Shipton Mill Spending Spree

My intention to bake along with the Mellow Bakers bake-along have been somewhat hampered by a lack of funds to acquire the necessary ingredients to bake (along).

Fortunately, due to a morale-boosting donation from my grandparents I have been able to order the more hard to find ingredients (white poppy seeds, and whole rye grains, I’m looking at you), and popped in to Shipton Mill whilst on a quick visit to a good friend of mine in Tetbury. It is an advantage being in the same county as such a well-regarded Mill, although this is the first time I’ve made the trip.

I bought some stoneground wholemeal, malthouse, light rye, wholegrain spelt, semolina, and Italian “00”, as well as a round cane banneton. Phew!

Can’t wait to get to baking!

Keep it floury, folks!

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That’s How I Roll: Seedy Rolls and Contemplating Campagrain

I have reached another level of bread-baking obsession. I have started receiving sacks of flour as gifts. The word is getting out: get this man some gluten! Shower him with sacks of stoneground flour and he’ll thank you with thick-crusted cobs and tin loafs aplenty.

One such bag was of “Campagrain” flour, bought from a mill in Derbyshire. A mixture of four flours and five seeds. “Yum!” thought I, but what to do with it? Being unfamiliar with the name, I asked the baking twitterati if they had any recipes or advice. I used the hashtag #realbread. My only reply was from the Real Bread Campaign, who asked about the ingredients, and if there were any additives. I looked. There were. Two E numbers and an anonymous enzyme. This excluded the flour, I was told, from being used to make real bread, by their definition.

I confess that, until that point, I had not read the details of the real bread campaign. I had assumed it meant bread baked by hand, not using mass manufacturing methods etc… It’s that, but more so. Simply put, “Don’t go putting no additives in our bread, thank you please”. A fine and noble aim. One that I instinctively support. But it did leave me with questions.

Are all additives bad? Or just all artificial additives? How artificial is too artificial? I am unfamiliar with the science of all of this, and I hadn’t ever questioned the wisdom of avoiding them where possible. Yet I am quite happy to take artificially created medicines, with a variety of clearly stated possible side effects. Is this any better? Dan Lepard recommends using a crushed vitamin C tablet in wholemeal loaves, and from my brief research, one of the additives in the Campagrain flour is essentially artificially created vitamin C. Is the tablet just a shortcut to that additive, and if so, if it seems reasonable to take a vitamin, why is it not acceptable to have that in bread?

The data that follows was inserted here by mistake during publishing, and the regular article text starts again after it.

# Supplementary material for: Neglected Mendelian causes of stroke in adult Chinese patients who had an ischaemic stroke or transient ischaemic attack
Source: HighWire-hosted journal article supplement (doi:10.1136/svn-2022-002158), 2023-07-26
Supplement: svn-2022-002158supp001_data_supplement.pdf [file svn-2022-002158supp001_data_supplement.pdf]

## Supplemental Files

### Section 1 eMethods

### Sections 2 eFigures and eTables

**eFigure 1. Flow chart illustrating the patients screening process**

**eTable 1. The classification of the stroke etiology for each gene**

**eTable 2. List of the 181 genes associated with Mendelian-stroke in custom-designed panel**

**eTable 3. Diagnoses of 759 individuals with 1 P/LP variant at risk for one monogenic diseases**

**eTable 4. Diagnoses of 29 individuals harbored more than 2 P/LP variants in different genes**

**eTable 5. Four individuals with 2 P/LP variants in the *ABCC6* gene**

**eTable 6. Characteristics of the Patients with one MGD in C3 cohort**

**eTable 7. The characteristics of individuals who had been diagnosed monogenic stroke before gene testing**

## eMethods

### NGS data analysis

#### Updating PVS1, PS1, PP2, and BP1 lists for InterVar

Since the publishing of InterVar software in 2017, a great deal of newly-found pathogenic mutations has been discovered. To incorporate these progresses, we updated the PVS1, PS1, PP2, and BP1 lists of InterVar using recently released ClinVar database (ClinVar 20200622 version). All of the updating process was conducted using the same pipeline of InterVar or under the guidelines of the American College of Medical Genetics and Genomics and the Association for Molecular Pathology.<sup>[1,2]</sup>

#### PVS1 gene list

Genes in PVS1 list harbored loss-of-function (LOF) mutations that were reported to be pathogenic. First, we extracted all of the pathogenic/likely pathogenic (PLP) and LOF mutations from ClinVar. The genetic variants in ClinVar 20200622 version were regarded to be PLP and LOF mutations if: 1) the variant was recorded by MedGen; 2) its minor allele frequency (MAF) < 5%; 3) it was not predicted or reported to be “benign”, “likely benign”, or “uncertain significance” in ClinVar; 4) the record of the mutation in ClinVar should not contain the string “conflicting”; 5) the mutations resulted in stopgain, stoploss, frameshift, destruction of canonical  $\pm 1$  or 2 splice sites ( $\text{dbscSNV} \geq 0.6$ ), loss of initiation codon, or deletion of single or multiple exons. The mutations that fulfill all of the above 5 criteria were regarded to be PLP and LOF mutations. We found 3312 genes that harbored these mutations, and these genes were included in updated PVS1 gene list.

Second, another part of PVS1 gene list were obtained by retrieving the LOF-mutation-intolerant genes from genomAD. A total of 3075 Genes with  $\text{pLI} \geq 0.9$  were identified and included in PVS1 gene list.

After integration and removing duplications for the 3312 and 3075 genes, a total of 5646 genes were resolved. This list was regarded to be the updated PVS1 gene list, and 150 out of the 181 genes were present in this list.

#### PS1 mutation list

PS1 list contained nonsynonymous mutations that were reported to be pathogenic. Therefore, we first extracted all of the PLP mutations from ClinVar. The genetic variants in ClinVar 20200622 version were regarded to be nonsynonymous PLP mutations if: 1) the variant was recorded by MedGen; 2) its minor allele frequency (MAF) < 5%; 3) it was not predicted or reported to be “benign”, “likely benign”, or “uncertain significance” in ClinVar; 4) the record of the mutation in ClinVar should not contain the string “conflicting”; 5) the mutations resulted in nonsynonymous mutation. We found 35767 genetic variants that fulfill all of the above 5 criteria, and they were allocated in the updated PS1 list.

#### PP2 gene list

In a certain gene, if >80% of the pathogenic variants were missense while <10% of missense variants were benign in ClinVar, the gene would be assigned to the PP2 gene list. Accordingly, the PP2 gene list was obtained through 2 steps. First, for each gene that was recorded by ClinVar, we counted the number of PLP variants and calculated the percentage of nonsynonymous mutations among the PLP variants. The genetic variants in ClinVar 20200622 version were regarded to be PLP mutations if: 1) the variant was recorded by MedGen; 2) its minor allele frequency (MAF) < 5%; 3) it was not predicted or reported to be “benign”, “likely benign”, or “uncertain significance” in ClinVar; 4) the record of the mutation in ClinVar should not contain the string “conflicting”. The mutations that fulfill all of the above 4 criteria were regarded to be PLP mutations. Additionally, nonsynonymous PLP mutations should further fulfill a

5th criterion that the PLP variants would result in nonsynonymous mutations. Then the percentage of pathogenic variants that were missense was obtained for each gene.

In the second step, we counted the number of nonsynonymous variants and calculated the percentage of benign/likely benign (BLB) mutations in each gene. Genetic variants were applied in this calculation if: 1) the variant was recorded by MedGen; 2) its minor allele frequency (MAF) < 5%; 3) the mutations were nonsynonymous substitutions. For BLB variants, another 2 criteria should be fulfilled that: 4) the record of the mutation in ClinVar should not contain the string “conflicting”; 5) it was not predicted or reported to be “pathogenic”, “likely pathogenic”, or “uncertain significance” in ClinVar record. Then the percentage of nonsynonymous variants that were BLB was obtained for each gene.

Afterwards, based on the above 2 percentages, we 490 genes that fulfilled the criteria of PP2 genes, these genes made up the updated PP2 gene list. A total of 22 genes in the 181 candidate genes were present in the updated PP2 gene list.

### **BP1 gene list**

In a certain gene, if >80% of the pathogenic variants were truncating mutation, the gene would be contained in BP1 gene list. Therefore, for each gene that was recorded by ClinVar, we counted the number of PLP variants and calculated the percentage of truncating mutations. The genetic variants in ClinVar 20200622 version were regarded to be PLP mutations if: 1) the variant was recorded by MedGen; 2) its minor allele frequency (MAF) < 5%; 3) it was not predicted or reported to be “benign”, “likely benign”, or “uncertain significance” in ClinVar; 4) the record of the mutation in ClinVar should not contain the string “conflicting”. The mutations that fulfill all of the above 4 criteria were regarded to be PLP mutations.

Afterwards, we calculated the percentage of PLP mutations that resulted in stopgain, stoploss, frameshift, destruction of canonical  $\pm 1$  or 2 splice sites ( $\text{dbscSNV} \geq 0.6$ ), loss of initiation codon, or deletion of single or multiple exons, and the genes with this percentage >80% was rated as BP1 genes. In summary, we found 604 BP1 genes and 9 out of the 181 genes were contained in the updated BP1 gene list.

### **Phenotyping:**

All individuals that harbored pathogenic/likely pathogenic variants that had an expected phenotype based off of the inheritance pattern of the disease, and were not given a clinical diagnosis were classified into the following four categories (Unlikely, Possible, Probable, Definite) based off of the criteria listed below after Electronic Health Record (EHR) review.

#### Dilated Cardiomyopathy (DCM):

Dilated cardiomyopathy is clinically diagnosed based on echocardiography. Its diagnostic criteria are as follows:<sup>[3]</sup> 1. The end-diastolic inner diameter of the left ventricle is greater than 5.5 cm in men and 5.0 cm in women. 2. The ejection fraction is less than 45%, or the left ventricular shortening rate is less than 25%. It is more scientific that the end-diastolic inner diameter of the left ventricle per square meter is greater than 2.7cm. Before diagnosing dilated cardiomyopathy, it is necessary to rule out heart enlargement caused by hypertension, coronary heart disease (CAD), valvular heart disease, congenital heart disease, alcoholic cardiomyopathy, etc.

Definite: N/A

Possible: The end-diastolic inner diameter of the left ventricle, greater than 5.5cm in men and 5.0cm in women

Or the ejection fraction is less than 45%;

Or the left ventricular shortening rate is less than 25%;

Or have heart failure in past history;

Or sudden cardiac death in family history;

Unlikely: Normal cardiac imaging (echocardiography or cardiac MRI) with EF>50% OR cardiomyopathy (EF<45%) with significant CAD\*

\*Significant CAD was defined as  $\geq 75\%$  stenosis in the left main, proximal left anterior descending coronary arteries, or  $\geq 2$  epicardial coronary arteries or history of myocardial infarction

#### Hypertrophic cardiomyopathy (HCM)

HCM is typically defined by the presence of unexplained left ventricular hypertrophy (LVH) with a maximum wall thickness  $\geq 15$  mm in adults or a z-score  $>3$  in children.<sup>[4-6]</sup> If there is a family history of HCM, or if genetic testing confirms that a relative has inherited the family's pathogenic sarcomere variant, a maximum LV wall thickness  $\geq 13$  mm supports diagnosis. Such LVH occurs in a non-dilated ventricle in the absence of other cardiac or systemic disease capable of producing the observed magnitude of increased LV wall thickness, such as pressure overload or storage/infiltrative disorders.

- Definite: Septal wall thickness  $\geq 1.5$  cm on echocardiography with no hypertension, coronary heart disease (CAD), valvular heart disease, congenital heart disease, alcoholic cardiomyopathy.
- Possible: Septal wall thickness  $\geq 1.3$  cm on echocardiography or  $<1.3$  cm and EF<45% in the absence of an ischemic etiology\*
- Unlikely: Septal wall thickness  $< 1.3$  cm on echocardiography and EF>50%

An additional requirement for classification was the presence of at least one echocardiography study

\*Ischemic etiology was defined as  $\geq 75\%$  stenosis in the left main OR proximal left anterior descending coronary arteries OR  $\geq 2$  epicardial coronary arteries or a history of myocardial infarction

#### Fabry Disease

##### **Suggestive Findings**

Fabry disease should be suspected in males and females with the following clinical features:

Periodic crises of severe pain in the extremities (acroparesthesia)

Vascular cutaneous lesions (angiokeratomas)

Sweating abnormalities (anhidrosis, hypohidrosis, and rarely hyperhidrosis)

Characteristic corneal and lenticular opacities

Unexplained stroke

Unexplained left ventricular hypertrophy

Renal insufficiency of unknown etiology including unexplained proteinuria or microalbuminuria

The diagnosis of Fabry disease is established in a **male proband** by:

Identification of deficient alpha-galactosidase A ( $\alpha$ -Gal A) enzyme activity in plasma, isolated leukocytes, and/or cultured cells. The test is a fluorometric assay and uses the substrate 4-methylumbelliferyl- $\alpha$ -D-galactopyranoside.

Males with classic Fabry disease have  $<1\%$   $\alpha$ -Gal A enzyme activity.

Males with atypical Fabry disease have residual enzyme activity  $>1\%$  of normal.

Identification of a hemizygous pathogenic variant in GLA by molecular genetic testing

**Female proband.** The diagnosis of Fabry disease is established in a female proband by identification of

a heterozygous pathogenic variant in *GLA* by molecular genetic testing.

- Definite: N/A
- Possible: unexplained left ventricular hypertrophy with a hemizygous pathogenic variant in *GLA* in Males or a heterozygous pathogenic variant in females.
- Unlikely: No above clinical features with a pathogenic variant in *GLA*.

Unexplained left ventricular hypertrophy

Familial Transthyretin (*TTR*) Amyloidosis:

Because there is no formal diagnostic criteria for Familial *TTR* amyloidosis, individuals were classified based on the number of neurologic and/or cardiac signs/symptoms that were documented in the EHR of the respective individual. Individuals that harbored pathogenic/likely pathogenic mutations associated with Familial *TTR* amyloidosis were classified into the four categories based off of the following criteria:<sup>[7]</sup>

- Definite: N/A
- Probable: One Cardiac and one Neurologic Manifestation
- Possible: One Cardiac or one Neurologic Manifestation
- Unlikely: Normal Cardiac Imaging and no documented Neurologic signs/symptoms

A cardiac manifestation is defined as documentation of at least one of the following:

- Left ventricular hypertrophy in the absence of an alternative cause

I don’t know the answer.

Also, why add stuff to flour?! It seems daft to make the decision for the baker. Presumably it is designed to give better results, and hence encourage people to go back for more. But is that unreasonable? To want your flour to make better bread?

If you have any thoughts on the matter, or any recommended reading on the subject, leave a comment.

Apologies for the serious, and contemplative tone of this post. Normal levels of whimsy and jocundity will return soon, I assure you.

On Your Marks, Get Set… The Start of a Sourdough Starter

I remember when I first tried sourdough. I happened upon it at a farmers market, with my girlfriend at the time, and bought a large loaf. I couldn’t tell you what made us decide to buy it; perhaps the recommendation of the stall-holder, perhaps it just looked delicious. But I remember toasting a slice, slathering it with butter and Marmite (a fairly typical litmus test for me), and being completely blown away by the fullness of its flavour, and the chewy, firm texture. I also remember that we consistently failed to get to the market in time to pick up a sourdough loaf, before they sold out, in the months that followed. I blame shift work and a lifestyle it would not be entirely wise to describe in any detail in the public domain.

Though it made a lasting impression, it was a while before it cropped up on my radar again, and only relatively recently has it made anything other than an occasional, rare appearance on my menu. But when I realised that it was not only possible, but enjoyable, to bake my own loaves, it wasn’t long before the notion of making a sourdough loaf began to seem really rather appealing. Continue reading